By Reese Erlich
BADRENI VILLAGE, Nepal—Sabitri Dairi coughs quietly as she leaves her thatch-roofed kitchen, which is filled with smoke from an open fire. Like many other Nepalese peasants, she cooks with wood gathered from the nearby forest.
“It takes about 4-5 hours to collect the firewood,” she explained. Because the environmental charity World Wildlife Fund (WWF) is active in the area, Dairi also understands the environmental dangers of deforestation.
“It’s harmful to the environment and to the forest if we cut firewood down,” she said. “I’ve heard there could be landslides. The plants won’t grow if we cut the trees.”
The WWF and the Nepalese government have encouraged peasants to use biogas as a way to help themselves and the environment. Peasants deposit animal and human waste in a concrete tank buried in the ground. As the dung ferments, it gives off methane, which is piped into the house as cooking gas. The leftover slurry is used as organic fertilizer.
But each biogas apparatus costs $575, a lot of money for families that only earn $1,500 per year. The Nepalese government subsidizes 25 percent of the cost, but the peasants must pay the remainder from their savings or with micro credit loans.
The WWF hopes to raise $1 million for future biogas projects through the voluntary carbon offset market.
The organization gets credit for each ton of carbon not produced as a result of using biogas. It sells the credits to Myclimate, an NGO (nongovernmental organization) in Zurich, which in turn distributes offsets to individuals, airlines and other companies seeking to reduce their carbon footprint.
But the WWF must pay a European company $26,000 per inspection visit and for related services, according to Ugan Manandhar, senior program officer with the environmental organization. Numerous initial visits are required, followed by at least one visit per year.
Buyers of offsets say verification is necessary to ensure that carbon credits really do lead to reductions in CO2. But the cost and bureaucracy can be stifling.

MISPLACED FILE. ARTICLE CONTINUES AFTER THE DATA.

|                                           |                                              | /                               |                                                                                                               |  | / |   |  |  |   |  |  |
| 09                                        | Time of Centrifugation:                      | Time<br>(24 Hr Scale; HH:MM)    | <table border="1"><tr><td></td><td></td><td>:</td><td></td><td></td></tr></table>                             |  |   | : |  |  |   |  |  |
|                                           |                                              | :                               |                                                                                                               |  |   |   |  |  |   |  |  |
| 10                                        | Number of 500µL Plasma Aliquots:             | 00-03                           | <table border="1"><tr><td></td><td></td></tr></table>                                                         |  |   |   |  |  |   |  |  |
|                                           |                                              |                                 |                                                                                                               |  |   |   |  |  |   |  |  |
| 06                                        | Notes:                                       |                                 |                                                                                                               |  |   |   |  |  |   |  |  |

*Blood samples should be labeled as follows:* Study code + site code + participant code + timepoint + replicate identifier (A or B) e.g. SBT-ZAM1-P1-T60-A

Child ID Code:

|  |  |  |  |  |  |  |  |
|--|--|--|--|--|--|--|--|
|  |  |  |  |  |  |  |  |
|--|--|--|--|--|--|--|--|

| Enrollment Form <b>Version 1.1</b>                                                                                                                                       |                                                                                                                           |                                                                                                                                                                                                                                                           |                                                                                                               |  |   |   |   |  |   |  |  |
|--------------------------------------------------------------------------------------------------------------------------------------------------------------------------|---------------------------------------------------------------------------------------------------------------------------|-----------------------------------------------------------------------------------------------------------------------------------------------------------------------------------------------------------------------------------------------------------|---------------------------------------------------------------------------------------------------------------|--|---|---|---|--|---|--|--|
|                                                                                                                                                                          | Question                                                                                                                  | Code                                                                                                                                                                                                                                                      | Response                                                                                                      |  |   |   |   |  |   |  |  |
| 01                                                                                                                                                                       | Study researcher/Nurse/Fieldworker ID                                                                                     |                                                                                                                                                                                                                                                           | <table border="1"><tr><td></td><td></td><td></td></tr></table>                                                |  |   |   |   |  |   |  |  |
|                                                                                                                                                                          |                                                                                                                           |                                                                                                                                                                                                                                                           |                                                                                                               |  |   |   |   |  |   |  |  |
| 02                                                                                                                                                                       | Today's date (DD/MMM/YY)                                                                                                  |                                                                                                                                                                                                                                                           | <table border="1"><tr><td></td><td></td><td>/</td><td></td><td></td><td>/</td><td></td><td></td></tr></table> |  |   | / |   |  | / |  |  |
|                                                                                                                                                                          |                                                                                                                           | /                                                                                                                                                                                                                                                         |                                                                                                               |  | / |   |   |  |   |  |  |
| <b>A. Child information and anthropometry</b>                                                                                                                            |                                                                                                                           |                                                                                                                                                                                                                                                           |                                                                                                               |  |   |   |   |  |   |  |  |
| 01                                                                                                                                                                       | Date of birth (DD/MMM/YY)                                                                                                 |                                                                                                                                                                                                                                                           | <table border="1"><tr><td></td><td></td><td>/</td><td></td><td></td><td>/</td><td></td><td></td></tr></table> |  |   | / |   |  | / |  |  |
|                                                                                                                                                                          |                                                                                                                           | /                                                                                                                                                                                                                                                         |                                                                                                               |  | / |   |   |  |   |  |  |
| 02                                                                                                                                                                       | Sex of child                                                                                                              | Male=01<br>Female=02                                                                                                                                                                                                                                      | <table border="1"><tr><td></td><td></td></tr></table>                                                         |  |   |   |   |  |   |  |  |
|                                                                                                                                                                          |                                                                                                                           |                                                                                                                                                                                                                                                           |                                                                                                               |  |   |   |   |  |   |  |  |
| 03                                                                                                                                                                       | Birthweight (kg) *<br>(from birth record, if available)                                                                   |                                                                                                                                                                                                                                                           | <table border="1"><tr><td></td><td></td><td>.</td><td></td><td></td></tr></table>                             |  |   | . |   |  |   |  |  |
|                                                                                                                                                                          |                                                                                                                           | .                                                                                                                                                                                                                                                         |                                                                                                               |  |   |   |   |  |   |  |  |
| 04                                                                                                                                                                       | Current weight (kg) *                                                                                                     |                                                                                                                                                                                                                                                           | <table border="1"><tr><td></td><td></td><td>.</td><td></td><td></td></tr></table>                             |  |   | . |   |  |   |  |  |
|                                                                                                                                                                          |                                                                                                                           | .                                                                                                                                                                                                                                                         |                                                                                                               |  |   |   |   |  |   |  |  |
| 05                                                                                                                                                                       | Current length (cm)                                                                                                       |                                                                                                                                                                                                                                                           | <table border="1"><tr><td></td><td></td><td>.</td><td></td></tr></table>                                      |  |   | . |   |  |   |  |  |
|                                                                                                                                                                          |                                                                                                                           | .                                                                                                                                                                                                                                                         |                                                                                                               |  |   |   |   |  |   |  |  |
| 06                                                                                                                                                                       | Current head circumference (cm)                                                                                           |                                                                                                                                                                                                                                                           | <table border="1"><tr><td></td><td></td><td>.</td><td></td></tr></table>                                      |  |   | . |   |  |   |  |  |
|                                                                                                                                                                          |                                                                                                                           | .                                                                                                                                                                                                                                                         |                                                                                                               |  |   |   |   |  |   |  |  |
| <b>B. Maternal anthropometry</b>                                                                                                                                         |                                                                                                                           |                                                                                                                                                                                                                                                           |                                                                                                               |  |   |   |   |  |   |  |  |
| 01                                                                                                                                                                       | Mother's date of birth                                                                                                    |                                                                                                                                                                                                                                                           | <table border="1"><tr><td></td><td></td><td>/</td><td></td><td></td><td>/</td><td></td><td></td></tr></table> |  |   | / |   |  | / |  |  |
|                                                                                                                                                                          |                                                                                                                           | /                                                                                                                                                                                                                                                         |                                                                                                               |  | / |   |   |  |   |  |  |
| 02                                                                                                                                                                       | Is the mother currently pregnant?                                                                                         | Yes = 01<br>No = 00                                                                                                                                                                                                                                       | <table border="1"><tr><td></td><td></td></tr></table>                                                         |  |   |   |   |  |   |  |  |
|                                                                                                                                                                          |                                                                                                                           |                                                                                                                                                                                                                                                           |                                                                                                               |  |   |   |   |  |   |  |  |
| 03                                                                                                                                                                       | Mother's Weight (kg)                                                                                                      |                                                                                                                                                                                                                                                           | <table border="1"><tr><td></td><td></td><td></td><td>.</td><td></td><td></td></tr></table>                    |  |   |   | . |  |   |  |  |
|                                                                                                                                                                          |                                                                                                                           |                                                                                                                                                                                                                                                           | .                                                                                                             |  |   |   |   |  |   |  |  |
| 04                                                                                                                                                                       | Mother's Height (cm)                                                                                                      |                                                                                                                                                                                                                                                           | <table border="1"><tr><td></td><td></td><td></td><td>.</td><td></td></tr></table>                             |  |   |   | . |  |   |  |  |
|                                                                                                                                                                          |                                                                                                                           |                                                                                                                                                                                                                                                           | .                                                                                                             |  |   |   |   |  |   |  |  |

Thomas Finsterwald, project manager with Myclimate, admitted that the high fees make “it difficult to do small projects.” He said inspection fees might eat up 40 percent of income for some other projects. “This is really a problem.”
Only 33 companies worldwide qualify to evaluate carbon offset projects, mostly based in Europe. Samir Thapa, an official with the Nepalese government’s Alternative Energy Promotion Center, said the demand for evaluation far exceeds the number of companies that can do the work.
“Sometimes you may have to wait to validate your project for six months or maybe one year,” he said. “Economically, that’s not very viable for the projects.”
Shaunna Barnhart, an American Ph.D. candidate studying biogas in Nepal, pointed out another flaw in the cap and trade system. Small, developing countries such as Nepal are penalized because they don’t produce much greenhouse gas in the first place.
She noted that Nepal has almost no polluting industries and has relied on hydroelectric power for many years. “It made sense to do hydro, which is renewable technology,” she said. But the Nepalese “can’t trade [large amounts of] carbon credits because they weren’t polluting first. So it’s actually rewarding bad behavior.”
Well-intentioned groups such as the WWF find themselves in a bind.
The WWF needs funding for an innovative biogas program that deserves government and international aid money on which it can’t depend. Because of the popularity of carbon offset trading with polluters in Europe, the WWF is forced to seek funds through voluntary offsets and they’re paying a lot of money to European inspectors to support a cap and trade system that ultimately may not help the environment anyway.
In Badreni village, a small number of farmers already enjoy the benefits of the pilot biogas project. The WWF’s Manandhar said his NGO has few alternatives to seeking carbon offset funding. “We can’t rely on foreign donations,” he said. “We should be self-financing if possible.”
Some environmental groups oppose the entire system of carbon cap and trade, arguing that the money and regulatory effort put into verifying offsets should instead be focused on reducing emissions from corporate polluters.
Kyle Ash, a Greenpeace official in Washington, D.C., said carbon offsets don’t “seem like a good investment especially when there are other ways to reduce emissions. We need to restrict global warming pollution” in industrialized countries. “And we need to finance clean development in Third World countries. But the two things aren’t connected.”
© 2010 Reese Erlich